How to Look Charismatic
We talked about how to sound charismatic with our words but how do we look charismatic with our body language? I'm a mega fan, super fan of honorable and body language. I've always known body language Is powerful, I just didn't know how. So just to briefly kick us off with some research. So, research finds about 60 to 90% of our communication is nonverbal. That is a huge range but what's important about that is it's the majority. I think that we tend to put all of our eggs in the verbal basket. We practice our pitch, we practice our presentation but actually our nonverbal communication is helping our ideas. Remember helping bring the gasoline to our ideas and helping them come along. I think that when we think about how we wanna communicate our ideas how we say our ideas are just important as what we say. The question is, what do we do with our body language to support our ideas? I wanna give a good example of this in action. Whenever I teach 60, 90% it doesn't actuall...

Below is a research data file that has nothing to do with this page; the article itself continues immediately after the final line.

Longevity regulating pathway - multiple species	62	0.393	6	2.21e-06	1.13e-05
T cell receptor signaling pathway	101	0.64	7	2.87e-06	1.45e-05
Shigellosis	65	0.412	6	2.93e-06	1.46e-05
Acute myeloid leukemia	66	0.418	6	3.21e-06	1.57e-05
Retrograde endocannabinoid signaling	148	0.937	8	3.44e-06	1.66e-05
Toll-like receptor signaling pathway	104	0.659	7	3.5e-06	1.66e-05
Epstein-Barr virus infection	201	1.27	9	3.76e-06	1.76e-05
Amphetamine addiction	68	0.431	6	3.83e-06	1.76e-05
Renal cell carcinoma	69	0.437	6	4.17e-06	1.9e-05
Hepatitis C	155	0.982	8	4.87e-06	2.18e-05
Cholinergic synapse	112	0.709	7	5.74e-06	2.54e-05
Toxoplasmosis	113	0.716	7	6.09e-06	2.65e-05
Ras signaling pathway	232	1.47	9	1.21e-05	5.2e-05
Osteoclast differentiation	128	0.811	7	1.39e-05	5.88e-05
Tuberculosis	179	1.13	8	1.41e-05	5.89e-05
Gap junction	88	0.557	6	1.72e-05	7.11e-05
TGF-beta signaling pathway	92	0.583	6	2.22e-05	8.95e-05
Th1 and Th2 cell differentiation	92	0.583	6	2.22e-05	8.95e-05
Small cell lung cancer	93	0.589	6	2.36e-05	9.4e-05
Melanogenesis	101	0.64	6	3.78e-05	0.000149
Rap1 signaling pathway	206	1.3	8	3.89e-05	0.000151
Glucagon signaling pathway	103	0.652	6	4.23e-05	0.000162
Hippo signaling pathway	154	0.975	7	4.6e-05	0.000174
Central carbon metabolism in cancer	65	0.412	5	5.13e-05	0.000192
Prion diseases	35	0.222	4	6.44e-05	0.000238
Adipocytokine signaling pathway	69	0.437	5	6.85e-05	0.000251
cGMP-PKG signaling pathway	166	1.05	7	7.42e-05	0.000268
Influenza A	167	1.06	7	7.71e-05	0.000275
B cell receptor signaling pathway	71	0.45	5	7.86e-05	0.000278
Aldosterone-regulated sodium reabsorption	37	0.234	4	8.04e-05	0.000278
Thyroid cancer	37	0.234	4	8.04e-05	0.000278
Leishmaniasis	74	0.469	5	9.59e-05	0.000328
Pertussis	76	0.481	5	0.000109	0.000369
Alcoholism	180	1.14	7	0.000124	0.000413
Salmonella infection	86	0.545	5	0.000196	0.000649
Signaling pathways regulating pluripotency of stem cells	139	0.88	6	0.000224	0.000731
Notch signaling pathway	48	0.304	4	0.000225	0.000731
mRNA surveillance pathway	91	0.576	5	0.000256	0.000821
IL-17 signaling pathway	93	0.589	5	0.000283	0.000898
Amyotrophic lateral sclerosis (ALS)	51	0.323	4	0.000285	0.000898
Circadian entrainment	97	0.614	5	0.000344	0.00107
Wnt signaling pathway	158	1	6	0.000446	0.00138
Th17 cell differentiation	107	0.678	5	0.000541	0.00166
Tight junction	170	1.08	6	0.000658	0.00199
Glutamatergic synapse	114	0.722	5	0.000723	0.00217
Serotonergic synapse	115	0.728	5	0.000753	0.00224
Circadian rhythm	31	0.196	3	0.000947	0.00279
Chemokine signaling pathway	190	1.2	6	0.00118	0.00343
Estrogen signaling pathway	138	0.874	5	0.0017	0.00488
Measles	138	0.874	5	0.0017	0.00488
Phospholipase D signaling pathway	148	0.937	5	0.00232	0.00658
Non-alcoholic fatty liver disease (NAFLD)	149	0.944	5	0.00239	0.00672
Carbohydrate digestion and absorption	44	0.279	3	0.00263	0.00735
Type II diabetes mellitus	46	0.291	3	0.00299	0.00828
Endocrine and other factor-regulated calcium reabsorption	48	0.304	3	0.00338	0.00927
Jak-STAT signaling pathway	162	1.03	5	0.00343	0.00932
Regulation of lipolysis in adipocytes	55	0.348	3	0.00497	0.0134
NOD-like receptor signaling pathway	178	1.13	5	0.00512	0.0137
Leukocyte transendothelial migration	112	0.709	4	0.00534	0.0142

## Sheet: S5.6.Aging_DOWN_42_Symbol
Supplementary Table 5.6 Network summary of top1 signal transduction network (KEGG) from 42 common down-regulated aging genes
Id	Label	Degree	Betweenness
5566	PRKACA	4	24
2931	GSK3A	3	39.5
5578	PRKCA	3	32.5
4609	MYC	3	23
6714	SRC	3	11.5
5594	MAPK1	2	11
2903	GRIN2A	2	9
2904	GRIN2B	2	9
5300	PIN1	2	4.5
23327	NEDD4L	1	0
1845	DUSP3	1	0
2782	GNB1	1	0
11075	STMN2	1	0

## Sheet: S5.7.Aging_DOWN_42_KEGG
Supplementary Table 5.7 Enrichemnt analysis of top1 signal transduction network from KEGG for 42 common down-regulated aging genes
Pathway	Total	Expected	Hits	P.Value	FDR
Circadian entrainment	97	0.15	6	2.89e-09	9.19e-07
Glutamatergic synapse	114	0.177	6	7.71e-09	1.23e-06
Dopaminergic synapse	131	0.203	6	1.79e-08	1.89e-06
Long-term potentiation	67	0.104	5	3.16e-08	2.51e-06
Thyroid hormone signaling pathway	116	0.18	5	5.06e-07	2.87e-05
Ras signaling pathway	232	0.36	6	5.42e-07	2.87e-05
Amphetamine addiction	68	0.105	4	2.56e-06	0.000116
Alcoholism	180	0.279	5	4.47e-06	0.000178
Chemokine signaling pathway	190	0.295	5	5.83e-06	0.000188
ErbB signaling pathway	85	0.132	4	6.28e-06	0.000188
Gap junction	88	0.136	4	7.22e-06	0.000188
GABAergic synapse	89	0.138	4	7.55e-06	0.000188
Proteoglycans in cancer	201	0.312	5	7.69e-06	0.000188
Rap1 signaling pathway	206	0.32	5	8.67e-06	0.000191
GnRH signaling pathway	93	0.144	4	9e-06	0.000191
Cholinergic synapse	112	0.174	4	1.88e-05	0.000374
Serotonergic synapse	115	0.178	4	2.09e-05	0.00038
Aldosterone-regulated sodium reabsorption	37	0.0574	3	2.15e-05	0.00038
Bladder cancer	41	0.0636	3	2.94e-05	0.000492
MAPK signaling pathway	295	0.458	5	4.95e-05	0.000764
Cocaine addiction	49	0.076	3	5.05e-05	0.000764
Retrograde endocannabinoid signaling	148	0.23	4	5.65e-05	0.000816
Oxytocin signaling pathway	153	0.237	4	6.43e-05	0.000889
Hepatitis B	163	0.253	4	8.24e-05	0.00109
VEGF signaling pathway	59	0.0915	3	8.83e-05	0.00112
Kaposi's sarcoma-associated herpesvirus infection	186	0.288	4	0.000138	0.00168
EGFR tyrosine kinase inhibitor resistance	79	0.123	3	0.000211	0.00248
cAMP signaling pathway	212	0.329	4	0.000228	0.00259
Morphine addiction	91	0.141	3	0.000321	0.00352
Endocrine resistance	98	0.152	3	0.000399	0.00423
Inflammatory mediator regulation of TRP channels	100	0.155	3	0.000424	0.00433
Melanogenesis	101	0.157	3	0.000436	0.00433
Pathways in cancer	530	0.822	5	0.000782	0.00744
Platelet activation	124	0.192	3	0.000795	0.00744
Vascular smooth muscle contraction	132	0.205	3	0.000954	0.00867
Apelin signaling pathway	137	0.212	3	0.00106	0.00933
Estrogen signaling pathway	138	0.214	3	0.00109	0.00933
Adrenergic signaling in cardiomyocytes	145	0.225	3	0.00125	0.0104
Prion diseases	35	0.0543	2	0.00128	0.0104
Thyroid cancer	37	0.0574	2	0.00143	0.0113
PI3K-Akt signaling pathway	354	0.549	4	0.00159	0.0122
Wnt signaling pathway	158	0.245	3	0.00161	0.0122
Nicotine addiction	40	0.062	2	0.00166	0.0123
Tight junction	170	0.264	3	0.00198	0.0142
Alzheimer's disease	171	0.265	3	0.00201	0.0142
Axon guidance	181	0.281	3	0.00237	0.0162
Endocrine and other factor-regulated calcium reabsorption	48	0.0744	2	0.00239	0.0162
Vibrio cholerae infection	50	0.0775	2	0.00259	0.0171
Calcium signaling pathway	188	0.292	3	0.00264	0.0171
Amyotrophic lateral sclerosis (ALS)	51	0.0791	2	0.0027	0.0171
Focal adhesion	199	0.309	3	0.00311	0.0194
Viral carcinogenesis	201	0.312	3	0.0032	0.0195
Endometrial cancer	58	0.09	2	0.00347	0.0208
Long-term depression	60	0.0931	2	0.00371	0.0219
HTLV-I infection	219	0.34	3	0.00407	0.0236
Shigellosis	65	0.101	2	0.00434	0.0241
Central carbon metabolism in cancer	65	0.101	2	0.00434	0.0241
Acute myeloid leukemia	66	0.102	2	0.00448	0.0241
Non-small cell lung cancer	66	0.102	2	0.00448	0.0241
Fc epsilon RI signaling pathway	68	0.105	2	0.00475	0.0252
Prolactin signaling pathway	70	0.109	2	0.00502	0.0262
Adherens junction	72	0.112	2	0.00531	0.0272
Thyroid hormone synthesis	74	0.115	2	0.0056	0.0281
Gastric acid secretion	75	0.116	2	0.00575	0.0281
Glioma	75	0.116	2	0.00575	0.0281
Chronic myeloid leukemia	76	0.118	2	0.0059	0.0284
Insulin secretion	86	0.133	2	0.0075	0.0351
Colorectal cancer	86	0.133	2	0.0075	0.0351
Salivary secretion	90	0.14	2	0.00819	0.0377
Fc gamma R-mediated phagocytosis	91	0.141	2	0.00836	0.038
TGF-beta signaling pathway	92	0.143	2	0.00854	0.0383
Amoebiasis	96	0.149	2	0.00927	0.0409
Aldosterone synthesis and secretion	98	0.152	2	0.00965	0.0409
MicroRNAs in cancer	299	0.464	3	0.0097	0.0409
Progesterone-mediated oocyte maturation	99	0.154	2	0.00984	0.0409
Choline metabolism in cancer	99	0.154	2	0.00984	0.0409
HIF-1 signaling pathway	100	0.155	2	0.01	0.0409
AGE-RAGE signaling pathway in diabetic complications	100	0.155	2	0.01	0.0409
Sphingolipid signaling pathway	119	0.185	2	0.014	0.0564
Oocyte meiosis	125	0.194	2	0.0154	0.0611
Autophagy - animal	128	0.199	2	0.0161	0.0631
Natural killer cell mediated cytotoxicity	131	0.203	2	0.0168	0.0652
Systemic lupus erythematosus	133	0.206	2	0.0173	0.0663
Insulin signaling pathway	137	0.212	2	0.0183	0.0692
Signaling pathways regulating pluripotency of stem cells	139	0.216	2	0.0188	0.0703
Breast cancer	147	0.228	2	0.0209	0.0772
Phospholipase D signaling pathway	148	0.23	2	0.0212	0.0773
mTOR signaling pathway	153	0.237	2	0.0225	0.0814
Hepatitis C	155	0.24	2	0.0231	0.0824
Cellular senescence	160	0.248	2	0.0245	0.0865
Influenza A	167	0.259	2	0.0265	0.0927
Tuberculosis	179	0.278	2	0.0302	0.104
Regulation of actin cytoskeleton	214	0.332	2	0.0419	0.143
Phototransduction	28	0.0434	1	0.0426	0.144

y feel like it's real. So verbal, I'm so happy for you. Very clear, right, this verbal. But what if I were to say, "I'm so happy for you?" You are much more likely to believe my face and my voice tone over the verbal or this one I hear, this is very clear verbally. She's so nice. What if I were to say, she is so nice, right? You are not gonna believe the words that I say. You put more emphasis on my face and my voice. Or this one. Oh, okay friends, we have to go on a, I'm so happy to be here, diet especially if it's not set authentically I cannot tell you how many times I've heard someone hop on a Zoom call or hop on stage and say, I'm so happy to be here or I'm so happy to be here, let's get started. The problem is, is while the words mean one thing your face, your voice and your body says another. And so, the goal here is for us to get congruent. And I have to kick us off with little experiment we did on Shark Tank. So I love Shark Tank. If you dunno the show, this is a fantastic show where entrepreneurs come into a Shark Tank and they pitch a panel of investors called Sharks. And those Sharks are able to then invest their own money in their favorite deals. What I love about Shark Tank is all these ideas are good. So everyone who comes to the tank has a good idea. The question is, why do some ideas get investment, literally Sharks putting in their own money and others don't? And so I partnered with my research partner, Jose Pena and he analyzed 495 Shark Tank pitches. Yes, this took months and months of data. We were looking at a variety of variables, pretty much everything we could think of. So we were looking at gestures. We were looking at pitch. We were looking at verbal content. We were looking at excitement, we were looking at touch. We watched that grand entrance looking for patterns. Why is it that some Sharks or some entrepreneurs walk into the tank and you immediately are interested in their idea, whereas other entrepreneurs walk into the tank and you think, hmm, not for me? Were there patterns beyond just the words? So here's what we found. I was able to put all this in my book cues, but I wanna give you some of my favorites, my highlights. The very first thing we noticed is the most successful entrepreneurs used lots and lots and lots and lots of hand gestures. Oh my goodness. It was like they were speaking on two different tracks. They were speaking with their hands along with their words. What we think was happening here is these Sharks here pitch after pitch, right? They're there all day listening to tons of different ideas. This is pretty similar to us on our daily basis too. I don't know about you but I often have back to back to back video calls. By the end of the day, I am so burnt out, I can barely pay attention to what's coming at me. We think that what happened was is that the really successful charismatic entrepreneurs were using their gestures to be an extra layer of information. Specifically, they were using their gestures for trust. Now, research is very clear on this. This is one of my favorite research experiments. I talked a lot about it in my TED Talk, if you watch that, which is that our hands are our trust indicators. They are an essential component of warmth. So, something funny happens. If I were to put my hands behind my back. Now imagine that if I gave this entire class with my hands behind my back or my hands in my pocket, after a while, not only would you be sort of tired of listening to my words, you would start to wonder what are her hands doing back there? Can she just take her hands out from behind her back? And that is because when my hands are behind my back, your amygdala begins to light up. It's where you process threats or fear. When we can see someone's hands and the moment I bring my hands back out, your brain is like, whew, I can see intention. And that's because our hands are intention givers. We look to someone's hand to see, are we gonna get a handshake? Are we gonna get a high five? Are we gonna get a wave across the room? The very best entrepreneurs on Shark Tank were immediately handsy. They immediately show their hands. The very best pitches typically they had that kind of long hallway, right? Where they walk down the hallway and they'd walk out and they'd take their mark on the carpet. And they would say, "Hey Sharks, good morning." With some kind of nonverbal gesture. They might even wave or point towards a Shark. They might gesture towards a Shark, immediately signaling, you can trust me, you can trust me, you can trust me. The moment we see someone's hands, we think, ah, and this brings me to my very second cue, visible, acknowledging hands help people trust you. We love to see hands whether you're hopping on a video call. Hey everyone, nice to see ya, good morning. Whether you're walking into a room. Hey, hi, good morning, how are you? Good to see you. Whether you're greeting someone across a crowded bar, Hey John, John, do you see me, right? We like to see those hands gestures. We like to see people acknowledge us with their hands. And that is cue number two. How quickly can you acknowledge someone on video in person with your hands? The second thing here, the kind of next level tip is not only using our hands as trust indicators but using our hands as competence indicators. Okay then, now follow with me on this. The second experiment that we did where we analyzed thousands of hours of TED Talks. Again, I love a TED Talk. This research got me my own TED Talk, which is where we wanted to know what makes a successful TED Talk. And when we analyze the top TED Talks, that's the most viewed TED Talks, purely based on view count and the least viewed TED Talks we found the biggest difference is hand gestures. Specifically, the most popular TED Talkers use an average of 465 gestures in 18 minutes. Whereas the least popular TED Talkers use an average of 272 gestures. Now these are huge differences in terms of numbers. What was happening here is that when we're trying to process a lot of information, this is especially important if you are pitching or presenting or sharing a complicated idea, for those of you who have a multi-phase or a complicated idea, the brain is trying to process all that verbal information but we can only take in so much at a time. The really good TED Talkers as well as the really good entrepreneurs on Shark Tank are able to double talk. They're able to give you their idea with their words and show their idea with their hands. So if I were to say to you, today, I have a really big idea. It's huge, you go no way with us. It's so small, I can see it. And that is because we give more weight to gestures. If I were to say to you today, I have three big idea. That was so hard guys. That was so hard to do that. And that's because even my own mouth doesn't wanna lie. So, if I say I have three different ideas, my brain wants to fits an over wire because my hand wants to also show three. And so if someone walks into the Shark Tank or walks on stage and says today, I have the three big ideas. Not only does it help them be more fluent it also helps their listeners also remember each of those three ideas. So when we're thinking about gestures, cue number three here is explanatory hands help people remember what you have to say and pay attention. Even in a conversation, a casual conversation, let's say it's not a pitch or a presentation. If you were to say, oh, I had two good things to tell you, two good things to tell you, that person remembers that gesture of two and you finish one. They are more likely to say, oh what was the other thing you wanted to tell me? What was that second thing? And that is because we are more likely to remember gestures. So, this is not just big or small. So, let's say that you're talking to a client and you have a really big idea. It's a really good one. You can literally show how big, it's beach ball, big. If there's a small problem, it's a little, no big deal. Small little problem, we're gonna take care of it. This you're more likely to say yes they're gonna take care of it. Look how easy it was to take care of it. If you're talking about something from the heart, you can literally gesture to your heart. In fact, we noticed that Ted speakers as well as entrepreneurs, when they were talking about something deeply personal to them, they often gestured towards their heart to signal to people they were about to talk about something personal. So I want you to think about how can you underline or bold your words with your gestures? How can you emphasize or make more clear what you're trying to talk about with those gestures? Kind of a funny little note here, we noticed anecdotally. So for those of you who watch me on YouTube, thank you, thank you for your views and your likes. Get it, that's a gesture, right? A little like you like. So we notice anecdotally, that in thumbnails, if we can show me doing a very specific hand gesture, we get more clicks. We think the reason for this is because one, it's visible. So if my hands are visible, people are much more likely to trust me. But second, if I'm saying something really specific in the video it makes me look like I have something to share. Look, she's using a hand gesture, it must be important. So you also might think about if you're a content creator, can you show your hands in your thumbnails? Can you add gestures to your thumbnails or even in your marketing materials, the headers on your website, your profile pictures, you might notice if you go check out my social profiles, a lot of my profiles have my hands in the picture. There's a reason for that, it's a cue. The next thing we noticed besides lots of hand gestures these kind of went hand in hand, get it? Hand in hand, that was on accident guys, been here all night. So the other thing that happened along with those gestures is expansive posture. We noticed that as people were gesturing, they tended to take up more space. Specifically, we saw space between their arms and their torso. So space here. So they weren't protecting their torso. We saw space here between their ears and their shoulders. We saw lots of relaxation and we saw broad gestures beyond the body. That was a hallmark of those successful pitches. The reason for this is because typically we like the look of a winner. Here's what I mean by this. Researchers from British Columbia looked at winning and losing athletes, looked at this across races. So, across genders and cultures and races when we win a race, when we feel pride, we take up space. Typically when an athlete wins a race they have lots of space between their torso and their arm. They usually tilt their head up towards the sky exposing their most vulnerable areas, their jugular and they typically exclaim or take up space with their gestures. The reason for this is because when we feel pride we want the world to notice us, right? We wanna claim and take up our space. The opposite happens with losing athletes. So, losing athletes take up as little space as possible. They tightly wrap their arms to their sides. They usually tilt their head down and in, sometimes they'll even crumple down into a kind of standing fetal position. This is important for us to know that that's typically winners look more like this and losers look more like this. You may be wondering, yeah, Vanessa, I'm not gonna walk around like this, but a lot of the times we accidentally do when we check our phone. It is remarkably similar how the checking your phone gesture or hunched over your computer gesture looks to defeat. And so, I want you to be aware of your first impression. In those first few seconds, when you hop on video or you walk into a room where someone opens the door to their waiting room, are you like this? Checking your email? That immediately makes you look more defeated. It immediately makes you look more like that shame posture. Instead, I want you to think about what's the sweet spot? And by the way, I love a high power pose, right? Like I love taking up space, but I do not want you walking into all of your meetings like this. I'm here, I'm here to stay. Very high power, you're are gonna look like a winner but it's a little socially aggressive. It's a little bit socially aggressive. So I love the power pose when you're at home. When you're jamming out to your tunes, when you're in the car, you can rock out. But in the room, I want you to do what I call a launch stance. We learned about this in my power body language class if you've taken that class. So a launch stance specifically, is we have a little bit of space between our arms and our torso. They're loose at our sides or we're gesturing. We have space between our shoulders and our ear lobes kind of a weird distance there but we're gonna talk about that in a second. And we also have nice open body and loose gestures. That is the sweet spot for winning power posing. Here's another example I see. So this is me in my lab, I see so many people accidentally start their video calls like this. Hi, good to see everyone. Hi, and they're hunched over with as little space as possible. The problem is that accidentally looks like defeat. So be sure that at the start of your video calls, in your first impression when you're waving hello, keep your should down. I wanna see as much space as possible between your ear and your shoulder, small one, but sounds really good. Ah, loose arms, open torso, shoulders down, head up, right? So, less crunched over. And of course, as much as possible, visible hands. Little side note here, If you're on video a lot, I like to push my camera back to be at least three feet away, to make sure that you can see the tops of my hand gestures. I notice a lot of times people accidentally lose their gestures simply by having their camera too close. So, make sure to push your camera at least to a feet away. So when you're gesturing, people can see those beautiful hand gestures. We love those hand gestures and also to keep your shoulders nice and low. This brings me to cue number four, stand like a leader to inspire openness and competence. Remember that the best Ted speakers, the best entrepreneurs on Shark Tank, they're both open and powerful. That's that sweet spot. We have open body, but we're claiming our space. That is the perfect balance of nonverbal warmth and nonverbal competence. So your next video call, your next in person meeting. Even on your phone call, I want you to stand like a leader, open, charismatic and use those gestures to show you mean it. (upbeat music)